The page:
lungs. We can’t live without them, any more than most animals that carry their skeleton on the inside. However, some extraordinary amphibians are no longer concerned with these delicate, slimy organs.
Scientists have found that some animals without lungs first begin to grow these respiratory organs, and then their heart development process changes.
These animals, the plethodontid salamanders, have gotten away with being lungless for at least 25 million years by breathing through their slimy skin and mouth tissue. To do this, they have to cover themselves with mucus – as if they were wearing their lung mucus on their outside – because they can only absorb oxygen through their skin if it remains moist.
Lungless plethodontids are the largest group of salamanders with nearly 478 species, mainly found in the Americas, with a few in Europe and South Korea.
Little is known about how these amphibians lose their lungs, so Harvard University evolutionary biologist Zachary Lewis and colleagues took a closer look at these cold-blooded water enthusiasts.
“We confirm that a nascent lung forms in embryos of different species,” the researchers write in their paper. “The morphological features are very similar to those of the axolotl, ambystoma mexicanuma lunged salamander.”
These embryonic lungs develop and branch for about three weeks in one species, P. cinereusbefore something interrupts them. Well before the baby salamanders hatch, the early lung cells are programmed to undergo apoptosis, a form of cell death.
The researchers suspect that lung development stops because the cells don’t receive the regulatory signals necessary for them to multiply, which in other vertebrates comes from the tissues around the developing lungs called mesenchyme. So they decided to test this hypothesis.
“We put mesenchyme from a salamander with lungs into a lungless salamander embryo and let it develop,” says Lewis. “It resulted in the formation of structures that resemble lungs, which provides some evidence that lungless salamanders continue to be able to continue developing lungs.”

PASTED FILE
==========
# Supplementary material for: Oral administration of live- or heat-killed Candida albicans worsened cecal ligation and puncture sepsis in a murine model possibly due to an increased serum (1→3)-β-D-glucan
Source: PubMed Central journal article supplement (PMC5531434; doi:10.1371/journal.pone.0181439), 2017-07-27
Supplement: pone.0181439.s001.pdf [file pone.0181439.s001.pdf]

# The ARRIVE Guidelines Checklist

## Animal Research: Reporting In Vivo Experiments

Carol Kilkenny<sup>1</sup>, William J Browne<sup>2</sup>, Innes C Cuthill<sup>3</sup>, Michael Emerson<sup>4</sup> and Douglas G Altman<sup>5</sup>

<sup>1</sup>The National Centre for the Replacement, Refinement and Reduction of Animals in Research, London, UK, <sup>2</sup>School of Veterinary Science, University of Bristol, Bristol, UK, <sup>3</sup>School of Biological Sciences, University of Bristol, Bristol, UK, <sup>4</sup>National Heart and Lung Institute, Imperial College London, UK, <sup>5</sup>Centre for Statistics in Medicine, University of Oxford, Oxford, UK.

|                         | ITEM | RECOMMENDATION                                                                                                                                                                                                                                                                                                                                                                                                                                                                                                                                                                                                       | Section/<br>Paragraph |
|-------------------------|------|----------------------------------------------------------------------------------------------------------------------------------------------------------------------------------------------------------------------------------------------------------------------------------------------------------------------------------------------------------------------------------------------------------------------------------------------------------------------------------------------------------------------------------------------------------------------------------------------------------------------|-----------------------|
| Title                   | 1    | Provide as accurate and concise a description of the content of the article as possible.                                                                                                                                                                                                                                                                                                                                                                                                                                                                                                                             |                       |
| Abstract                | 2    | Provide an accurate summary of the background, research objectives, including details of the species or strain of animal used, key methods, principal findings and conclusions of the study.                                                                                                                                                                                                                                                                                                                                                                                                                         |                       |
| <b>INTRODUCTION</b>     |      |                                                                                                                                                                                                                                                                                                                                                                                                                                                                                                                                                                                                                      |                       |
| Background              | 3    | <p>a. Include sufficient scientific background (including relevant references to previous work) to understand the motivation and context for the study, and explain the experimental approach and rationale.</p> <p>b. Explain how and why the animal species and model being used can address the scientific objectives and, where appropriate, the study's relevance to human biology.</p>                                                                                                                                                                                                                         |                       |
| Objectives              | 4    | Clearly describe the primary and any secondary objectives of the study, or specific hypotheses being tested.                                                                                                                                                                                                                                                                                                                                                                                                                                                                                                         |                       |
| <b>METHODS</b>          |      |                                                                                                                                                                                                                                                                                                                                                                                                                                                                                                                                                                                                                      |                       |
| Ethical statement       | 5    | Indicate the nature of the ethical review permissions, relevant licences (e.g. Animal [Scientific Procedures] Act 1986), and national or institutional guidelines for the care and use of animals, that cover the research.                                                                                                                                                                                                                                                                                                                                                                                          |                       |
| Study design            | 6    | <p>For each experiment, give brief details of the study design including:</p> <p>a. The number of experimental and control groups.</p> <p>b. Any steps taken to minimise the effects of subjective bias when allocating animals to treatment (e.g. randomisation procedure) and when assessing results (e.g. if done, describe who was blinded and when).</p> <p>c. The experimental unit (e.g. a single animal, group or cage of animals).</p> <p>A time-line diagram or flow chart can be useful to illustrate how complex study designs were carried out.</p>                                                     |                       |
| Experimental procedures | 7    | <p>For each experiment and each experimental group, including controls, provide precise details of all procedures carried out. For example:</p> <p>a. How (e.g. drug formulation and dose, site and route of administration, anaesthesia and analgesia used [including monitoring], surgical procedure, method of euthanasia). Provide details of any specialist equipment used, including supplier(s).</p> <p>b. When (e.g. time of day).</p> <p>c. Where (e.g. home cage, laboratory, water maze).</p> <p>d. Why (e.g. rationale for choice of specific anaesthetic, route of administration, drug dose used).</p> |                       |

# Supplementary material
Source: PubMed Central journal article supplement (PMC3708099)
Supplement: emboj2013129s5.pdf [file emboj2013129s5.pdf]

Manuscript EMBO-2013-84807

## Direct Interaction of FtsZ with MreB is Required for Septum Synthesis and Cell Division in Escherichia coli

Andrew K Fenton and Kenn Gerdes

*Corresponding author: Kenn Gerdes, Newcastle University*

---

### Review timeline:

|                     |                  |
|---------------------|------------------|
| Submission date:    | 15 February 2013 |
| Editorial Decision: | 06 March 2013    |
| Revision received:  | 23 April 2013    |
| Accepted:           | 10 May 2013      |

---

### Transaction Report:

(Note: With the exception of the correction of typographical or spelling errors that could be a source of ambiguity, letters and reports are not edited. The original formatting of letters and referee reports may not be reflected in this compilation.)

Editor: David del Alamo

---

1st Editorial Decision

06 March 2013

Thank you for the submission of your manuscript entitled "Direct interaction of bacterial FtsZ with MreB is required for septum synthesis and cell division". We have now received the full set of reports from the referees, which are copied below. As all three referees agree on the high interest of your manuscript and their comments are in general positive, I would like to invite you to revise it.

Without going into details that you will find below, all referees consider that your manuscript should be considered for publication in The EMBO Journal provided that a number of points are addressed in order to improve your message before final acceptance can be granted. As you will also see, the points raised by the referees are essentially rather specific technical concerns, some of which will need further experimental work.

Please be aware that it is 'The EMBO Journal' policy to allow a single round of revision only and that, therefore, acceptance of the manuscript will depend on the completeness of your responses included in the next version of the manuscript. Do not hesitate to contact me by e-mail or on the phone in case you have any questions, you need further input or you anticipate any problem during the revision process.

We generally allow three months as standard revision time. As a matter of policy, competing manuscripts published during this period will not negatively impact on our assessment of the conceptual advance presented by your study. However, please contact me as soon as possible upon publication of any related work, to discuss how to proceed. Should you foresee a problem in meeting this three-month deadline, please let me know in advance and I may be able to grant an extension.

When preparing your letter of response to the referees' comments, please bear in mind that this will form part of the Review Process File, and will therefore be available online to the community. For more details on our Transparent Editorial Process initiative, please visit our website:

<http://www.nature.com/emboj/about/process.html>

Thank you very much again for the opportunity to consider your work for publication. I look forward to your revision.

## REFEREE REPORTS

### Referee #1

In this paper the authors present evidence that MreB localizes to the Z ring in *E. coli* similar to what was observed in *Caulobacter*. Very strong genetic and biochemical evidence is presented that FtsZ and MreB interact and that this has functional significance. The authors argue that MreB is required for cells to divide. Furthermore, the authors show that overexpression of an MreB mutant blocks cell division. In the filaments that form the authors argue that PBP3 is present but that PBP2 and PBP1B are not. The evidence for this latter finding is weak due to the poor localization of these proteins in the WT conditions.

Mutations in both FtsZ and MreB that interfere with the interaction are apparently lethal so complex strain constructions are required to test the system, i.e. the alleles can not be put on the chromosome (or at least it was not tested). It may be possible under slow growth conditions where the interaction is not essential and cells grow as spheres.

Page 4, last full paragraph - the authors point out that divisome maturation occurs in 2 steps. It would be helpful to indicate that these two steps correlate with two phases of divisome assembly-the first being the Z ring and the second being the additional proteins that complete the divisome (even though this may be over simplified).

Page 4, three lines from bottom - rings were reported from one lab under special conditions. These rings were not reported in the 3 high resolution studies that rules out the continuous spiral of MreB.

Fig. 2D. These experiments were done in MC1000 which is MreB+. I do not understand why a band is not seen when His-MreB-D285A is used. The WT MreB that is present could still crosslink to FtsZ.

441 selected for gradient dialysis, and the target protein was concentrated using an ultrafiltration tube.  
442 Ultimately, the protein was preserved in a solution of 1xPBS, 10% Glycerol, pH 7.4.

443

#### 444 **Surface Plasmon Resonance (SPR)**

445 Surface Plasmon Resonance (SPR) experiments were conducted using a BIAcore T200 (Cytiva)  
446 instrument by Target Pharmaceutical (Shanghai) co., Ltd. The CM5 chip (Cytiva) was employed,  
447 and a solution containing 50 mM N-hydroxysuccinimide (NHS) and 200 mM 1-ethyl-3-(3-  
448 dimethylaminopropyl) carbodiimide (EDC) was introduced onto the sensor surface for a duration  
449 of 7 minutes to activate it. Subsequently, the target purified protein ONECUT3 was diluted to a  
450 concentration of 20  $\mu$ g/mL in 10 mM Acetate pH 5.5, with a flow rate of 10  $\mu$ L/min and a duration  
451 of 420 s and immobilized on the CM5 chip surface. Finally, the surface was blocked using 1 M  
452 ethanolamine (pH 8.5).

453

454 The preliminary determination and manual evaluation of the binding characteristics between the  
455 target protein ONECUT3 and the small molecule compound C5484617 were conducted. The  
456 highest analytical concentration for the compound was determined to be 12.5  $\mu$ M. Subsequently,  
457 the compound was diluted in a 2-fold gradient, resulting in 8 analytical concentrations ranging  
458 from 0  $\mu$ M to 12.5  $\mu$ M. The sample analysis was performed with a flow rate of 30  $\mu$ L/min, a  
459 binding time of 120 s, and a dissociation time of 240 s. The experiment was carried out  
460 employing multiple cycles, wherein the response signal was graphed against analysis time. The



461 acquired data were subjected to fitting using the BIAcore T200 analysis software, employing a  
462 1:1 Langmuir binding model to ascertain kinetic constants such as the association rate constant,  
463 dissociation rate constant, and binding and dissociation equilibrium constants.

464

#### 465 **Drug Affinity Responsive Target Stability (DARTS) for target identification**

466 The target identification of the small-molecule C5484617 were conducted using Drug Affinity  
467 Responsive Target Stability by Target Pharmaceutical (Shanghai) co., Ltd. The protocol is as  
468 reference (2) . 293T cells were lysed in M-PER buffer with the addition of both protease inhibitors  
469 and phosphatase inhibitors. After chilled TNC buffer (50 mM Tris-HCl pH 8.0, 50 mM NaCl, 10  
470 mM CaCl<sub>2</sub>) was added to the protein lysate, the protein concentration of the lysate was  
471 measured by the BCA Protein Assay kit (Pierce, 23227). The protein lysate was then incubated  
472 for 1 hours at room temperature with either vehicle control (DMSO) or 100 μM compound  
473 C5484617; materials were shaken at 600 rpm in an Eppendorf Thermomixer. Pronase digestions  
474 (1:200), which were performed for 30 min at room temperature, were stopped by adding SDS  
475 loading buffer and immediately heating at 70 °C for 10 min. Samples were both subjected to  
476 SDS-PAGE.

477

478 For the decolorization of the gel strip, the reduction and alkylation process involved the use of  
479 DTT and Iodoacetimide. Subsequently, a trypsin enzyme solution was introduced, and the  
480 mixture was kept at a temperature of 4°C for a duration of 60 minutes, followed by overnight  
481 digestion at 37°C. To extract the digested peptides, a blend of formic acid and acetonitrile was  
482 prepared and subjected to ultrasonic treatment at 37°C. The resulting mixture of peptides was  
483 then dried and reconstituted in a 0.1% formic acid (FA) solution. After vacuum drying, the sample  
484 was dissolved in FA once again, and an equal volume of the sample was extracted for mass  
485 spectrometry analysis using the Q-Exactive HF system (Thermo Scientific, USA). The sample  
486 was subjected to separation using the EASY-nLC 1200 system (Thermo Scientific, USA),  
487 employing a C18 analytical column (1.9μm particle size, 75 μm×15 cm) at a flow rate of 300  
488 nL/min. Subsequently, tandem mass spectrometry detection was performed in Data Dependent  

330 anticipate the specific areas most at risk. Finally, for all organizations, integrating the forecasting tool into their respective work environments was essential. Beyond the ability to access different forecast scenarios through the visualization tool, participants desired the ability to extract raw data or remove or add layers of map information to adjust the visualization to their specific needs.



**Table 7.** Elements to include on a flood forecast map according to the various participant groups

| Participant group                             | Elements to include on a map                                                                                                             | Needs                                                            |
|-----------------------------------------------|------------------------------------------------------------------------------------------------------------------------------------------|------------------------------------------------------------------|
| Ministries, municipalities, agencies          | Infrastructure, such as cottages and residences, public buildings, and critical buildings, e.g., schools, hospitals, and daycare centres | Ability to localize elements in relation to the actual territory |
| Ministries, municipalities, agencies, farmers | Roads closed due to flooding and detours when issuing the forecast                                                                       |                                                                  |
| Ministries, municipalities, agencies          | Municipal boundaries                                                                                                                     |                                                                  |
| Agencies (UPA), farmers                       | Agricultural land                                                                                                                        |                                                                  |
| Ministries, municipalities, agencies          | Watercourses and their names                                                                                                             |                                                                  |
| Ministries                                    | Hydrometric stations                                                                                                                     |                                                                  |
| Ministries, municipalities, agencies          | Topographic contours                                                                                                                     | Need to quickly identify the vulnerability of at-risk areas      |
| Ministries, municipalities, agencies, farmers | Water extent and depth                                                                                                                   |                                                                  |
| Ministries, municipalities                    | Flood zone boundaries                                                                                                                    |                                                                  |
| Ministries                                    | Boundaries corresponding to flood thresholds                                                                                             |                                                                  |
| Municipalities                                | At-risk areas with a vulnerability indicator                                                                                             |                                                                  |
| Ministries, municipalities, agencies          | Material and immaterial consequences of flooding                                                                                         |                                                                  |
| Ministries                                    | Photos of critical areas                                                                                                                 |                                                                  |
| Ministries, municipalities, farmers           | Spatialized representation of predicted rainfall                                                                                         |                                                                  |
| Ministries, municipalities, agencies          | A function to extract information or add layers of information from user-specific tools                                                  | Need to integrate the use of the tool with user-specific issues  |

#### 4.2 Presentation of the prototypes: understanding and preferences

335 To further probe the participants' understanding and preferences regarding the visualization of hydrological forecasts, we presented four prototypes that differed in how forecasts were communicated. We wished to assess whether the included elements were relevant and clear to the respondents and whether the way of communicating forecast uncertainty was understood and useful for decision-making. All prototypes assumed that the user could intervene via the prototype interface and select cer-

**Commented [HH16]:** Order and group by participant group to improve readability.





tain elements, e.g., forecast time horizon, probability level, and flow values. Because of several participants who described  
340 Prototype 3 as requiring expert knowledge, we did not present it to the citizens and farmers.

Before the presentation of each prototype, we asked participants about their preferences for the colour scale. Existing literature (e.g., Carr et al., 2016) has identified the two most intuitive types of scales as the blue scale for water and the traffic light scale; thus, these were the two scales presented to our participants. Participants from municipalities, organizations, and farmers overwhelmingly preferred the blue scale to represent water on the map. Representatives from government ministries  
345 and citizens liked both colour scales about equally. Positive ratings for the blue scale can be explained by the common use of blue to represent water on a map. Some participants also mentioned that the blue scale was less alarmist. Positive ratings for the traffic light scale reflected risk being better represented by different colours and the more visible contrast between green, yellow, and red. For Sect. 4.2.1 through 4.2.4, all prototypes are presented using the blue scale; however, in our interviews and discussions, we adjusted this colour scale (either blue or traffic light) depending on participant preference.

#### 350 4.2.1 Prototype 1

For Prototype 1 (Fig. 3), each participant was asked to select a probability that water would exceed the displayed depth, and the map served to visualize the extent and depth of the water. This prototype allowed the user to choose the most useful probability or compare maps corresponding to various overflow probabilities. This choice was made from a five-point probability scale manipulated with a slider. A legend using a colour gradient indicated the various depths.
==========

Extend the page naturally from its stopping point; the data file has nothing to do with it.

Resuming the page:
Although these slime-covered animals don’t have traces of lungs in them as adults, salamanders still have the genes and many of the developmental processes needed to grow them.
But some signals needed to complete the process, for example those from the mesenchymal tissues, seem to be missing.
So why are so many tools and ingredients for making lungs preserved in animals that haven’t used lungs for millions of years?
“For example, the lung principle may play an important role in the development of adjacent organs such as the heart,” the researchers speculate, explaining that some of the genes involved in initial lung formation are also used to make other organs. For example, a gene called Sonic hedgehog (yes, really) is used for the development of both the lungs and limbs.
These connections show how studying organ remains (rudimentary structures) – such as these or leg studs in snakes – can help us understand the twisting and turning mechanisms behind developmental and evolutionary processes and provide insight into how our organs work.
The scarce fossils of salamanders make it difficult for researchers to determine when exactly these animals lost their special respiratory organs, but genetic timelines estimate it to be somewhere between 25 and 110 million years ago, depending on whether it happened in one ancestral species or if lung loss was multiple. times evolved within this salamander family.
“Clearly, lungless salamanders do just fine without lungs, as they make up about two-thirds of all salamander species,” says Lewis. “Perhaps losing lungs has enabled rather than hindered this remarkable evolutionary success.”
This research was published in scientific progress.